But what about procedural law (the rules of evidence, civil procedure, etc.)? Those only constrain jurors, and participants in the legal system often understand them as constraining the truth-finding function of a jury to correct for some kind of biases. But that isn't their only function. They also promote predictability. The more consistent the rules, the more predictable the results and the costs, and the more efficient the system as a whole. (And whatever your opinion is about juror bias away from stability or not, it's clear that a system with set rules is more stable than a system without them even holding the proclivities of jurors equal.) There are also other social goals that the legitimate (i.e. not jurors) political representatives have chosen for procedural rules. Example: rape shield laws. That's a democratic decision by legitimate representatives that people who say they've been raped shouldn't have their sexual history aired in public, period.

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Yes, I think they would neglect it, or at least would do so enough of the time to be a problem. They are humans, not angels. Legal systems have to be designed so they can be operated by real people who are not always logical, have bounded intelligence, and do not always have information sufficient to make good decisions anyway.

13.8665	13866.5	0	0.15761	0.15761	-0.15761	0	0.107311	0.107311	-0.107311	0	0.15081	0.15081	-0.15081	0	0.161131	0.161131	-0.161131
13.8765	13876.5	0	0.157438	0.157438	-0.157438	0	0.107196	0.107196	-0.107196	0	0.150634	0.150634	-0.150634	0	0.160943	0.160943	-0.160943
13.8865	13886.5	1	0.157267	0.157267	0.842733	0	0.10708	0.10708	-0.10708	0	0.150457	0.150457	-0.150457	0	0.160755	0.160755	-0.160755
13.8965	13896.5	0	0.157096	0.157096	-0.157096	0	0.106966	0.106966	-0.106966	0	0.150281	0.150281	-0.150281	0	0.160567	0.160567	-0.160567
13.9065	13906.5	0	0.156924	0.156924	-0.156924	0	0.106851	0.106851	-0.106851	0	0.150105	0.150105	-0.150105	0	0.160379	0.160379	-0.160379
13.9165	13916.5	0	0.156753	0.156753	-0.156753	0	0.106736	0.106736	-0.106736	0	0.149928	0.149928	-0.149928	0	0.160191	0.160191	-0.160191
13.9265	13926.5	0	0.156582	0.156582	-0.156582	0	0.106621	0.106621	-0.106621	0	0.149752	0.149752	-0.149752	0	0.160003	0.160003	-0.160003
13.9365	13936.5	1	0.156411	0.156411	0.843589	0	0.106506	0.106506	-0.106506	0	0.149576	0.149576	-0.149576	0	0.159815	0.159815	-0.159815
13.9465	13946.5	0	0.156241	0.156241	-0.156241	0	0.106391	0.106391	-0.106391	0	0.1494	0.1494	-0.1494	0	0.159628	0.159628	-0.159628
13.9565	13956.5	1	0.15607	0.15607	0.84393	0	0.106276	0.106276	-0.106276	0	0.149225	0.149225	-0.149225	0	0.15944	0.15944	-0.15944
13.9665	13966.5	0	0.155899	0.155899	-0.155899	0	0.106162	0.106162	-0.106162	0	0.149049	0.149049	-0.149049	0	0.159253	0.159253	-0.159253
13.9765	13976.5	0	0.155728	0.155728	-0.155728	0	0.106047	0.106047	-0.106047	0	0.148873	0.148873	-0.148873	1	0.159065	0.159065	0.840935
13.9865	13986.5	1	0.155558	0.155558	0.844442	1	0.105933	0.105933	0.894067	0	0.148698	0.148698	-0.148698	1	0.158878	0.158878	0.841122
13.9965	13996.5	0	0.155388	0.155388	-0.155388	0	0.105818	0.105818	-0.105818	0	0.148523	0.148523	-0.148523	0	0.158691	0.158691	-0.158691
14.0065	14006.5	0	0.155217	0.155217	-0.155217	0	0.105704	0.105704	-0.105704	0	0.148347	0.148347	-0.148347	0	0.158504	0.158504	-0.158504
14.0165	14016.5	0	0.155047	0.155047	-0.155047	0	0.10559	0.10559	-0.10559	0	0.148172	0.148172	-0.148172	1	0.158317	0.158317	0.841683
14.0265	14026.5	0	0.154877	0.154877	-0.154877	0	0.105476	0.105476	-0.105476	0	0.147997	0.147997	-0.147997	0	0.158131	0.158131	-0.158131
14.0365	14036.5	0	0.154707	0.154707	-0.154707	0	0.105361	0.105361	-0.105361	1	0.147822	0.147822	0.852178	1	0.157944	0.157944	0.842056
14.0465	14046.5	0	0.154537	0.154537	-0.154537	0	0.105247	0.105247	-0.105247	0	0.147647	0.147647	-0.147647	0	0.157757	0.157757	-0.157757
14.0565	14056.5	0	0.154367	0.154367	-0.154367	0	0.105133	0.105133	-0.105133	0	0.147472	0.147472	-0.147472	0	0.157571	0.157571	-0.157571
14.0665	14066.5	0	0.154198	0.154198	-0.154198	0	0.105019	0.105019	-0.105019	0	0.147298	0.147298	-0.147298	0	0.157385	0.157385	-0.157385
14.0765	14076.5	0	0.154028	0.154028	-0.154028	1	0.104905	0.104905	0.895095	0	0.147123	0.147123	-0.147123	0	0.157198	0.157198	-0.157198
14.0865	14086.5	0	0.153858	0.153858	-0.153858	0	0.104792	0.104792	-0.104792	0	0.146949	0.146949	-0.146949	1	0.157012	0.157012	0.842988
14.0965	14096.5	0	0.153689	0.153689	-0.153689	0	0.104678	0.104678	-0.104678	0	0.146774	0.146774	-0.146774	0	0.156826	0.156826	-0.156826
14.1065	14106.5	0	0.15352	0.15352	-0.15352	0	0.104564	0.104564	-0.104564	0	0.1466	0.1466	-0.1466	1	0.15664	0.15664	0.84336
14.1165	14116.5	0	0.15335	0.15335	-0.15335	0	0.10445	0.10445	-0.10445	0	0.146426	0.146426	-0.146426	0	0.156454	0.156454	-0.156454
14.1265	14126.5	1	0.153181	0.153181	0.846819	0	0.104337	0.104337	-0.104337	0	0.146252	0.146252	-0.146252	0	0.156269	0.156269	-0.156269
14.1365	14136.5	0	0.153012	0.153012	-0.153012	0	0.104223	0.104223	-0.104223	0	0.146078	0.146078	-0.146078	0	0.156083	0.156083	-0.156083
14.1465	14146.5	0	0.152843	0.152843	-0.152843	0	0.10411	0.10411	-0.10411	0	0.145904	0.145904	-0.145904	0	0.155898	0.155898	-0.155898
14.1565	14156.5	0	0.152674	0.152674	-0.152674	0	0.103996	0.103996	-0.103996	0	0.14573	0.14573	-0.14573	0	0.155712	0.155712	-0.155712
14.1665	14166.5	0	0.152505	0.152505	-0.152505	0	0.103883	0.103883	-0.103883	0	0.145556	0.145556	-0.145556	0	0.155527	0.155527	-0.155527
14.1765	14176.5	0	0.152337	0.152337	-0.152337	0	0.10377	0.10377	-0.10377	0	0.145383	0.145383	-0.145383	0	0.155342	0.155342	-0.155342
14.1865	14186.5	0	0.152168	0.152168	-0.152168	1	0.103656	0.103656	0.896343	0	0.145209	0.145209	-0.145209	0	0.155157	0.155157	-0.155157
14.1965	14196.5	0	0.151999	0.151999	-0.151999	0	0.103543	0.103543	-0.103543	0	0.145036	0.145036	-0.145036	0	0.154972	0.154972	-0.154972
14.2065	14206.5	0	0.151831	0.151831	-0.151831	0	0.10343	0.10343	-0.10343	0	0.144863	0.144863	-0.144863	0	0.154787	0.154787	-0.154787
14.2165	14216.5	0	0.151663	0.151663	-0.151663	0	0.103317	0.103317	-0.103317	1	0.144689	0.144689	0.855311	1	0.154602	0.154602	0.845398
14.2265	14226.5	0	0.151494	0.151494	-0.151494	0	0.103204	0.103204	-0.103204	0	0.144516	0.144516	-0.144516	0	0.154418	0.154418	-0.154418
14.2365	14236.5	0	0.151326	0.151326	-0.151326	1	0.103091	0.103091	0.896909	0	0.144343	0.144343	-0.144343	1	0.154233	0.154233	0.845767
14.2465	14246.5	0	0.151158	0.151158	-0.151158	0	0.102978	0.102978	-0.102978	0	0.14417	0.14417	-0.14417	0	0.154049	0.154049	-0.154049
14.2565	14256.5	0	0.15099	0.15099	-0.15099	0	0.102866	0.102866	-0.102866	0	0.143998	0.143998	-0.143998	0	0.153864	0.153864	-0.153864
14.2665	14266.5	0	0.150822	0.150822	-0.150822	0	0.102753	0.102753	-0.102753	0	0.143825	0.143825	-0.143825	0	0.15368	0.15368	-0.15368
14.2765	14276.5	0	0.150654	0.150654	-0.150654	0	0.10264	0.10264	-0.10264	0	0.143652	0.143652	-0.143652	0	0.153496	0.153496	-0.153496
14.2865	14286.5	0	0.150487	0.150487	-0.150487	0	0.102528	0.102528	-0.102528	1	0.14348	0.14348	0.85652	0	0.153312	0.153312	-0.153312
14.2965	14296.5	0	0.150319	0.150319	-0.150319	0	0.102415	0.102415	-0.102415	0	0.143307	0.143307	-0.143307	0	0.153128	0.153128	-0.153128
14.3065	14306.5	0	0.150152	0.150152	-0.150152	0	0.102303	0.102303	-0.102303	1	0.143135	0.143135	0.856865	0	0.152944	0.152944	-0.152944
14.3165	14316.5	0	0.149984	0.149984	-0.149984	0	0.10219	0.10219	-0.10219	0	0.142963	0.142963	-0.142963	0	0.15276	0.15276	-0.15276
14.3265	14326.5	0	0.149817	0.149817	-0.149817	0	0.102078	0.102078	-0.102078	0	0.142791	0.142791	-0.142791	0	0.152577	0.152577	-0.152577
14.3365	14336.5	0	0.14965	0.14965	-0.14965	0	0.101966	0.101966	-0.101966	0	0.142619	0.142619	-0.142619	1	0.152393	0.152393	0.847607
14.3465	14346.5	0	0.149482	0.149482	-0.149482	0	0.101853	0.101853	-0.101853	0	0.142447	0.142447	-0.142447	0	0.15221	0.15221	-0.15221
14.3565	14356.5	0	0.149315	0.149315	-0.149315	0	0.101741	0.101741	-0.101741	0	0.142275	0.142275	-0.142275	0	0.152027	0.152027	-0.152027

One of the reasons stable/functional legal systems are stable/functional is that they are spots in the design space where, even operated by generally fallible people, enough of the time the decisions are good enough that we get net economic benefit from the operation of the legal system. I don't know that the US system was "designed" for this per se, but if it had failed at it we would have an economy in even worse shape than we already do. I suspect that the constraints our system provides, including the perceived constraints on jurors, the common law "stare decisis" rule, and the general stability these elements provide economic players in predicting the outcome of court cases, are critical features of the system.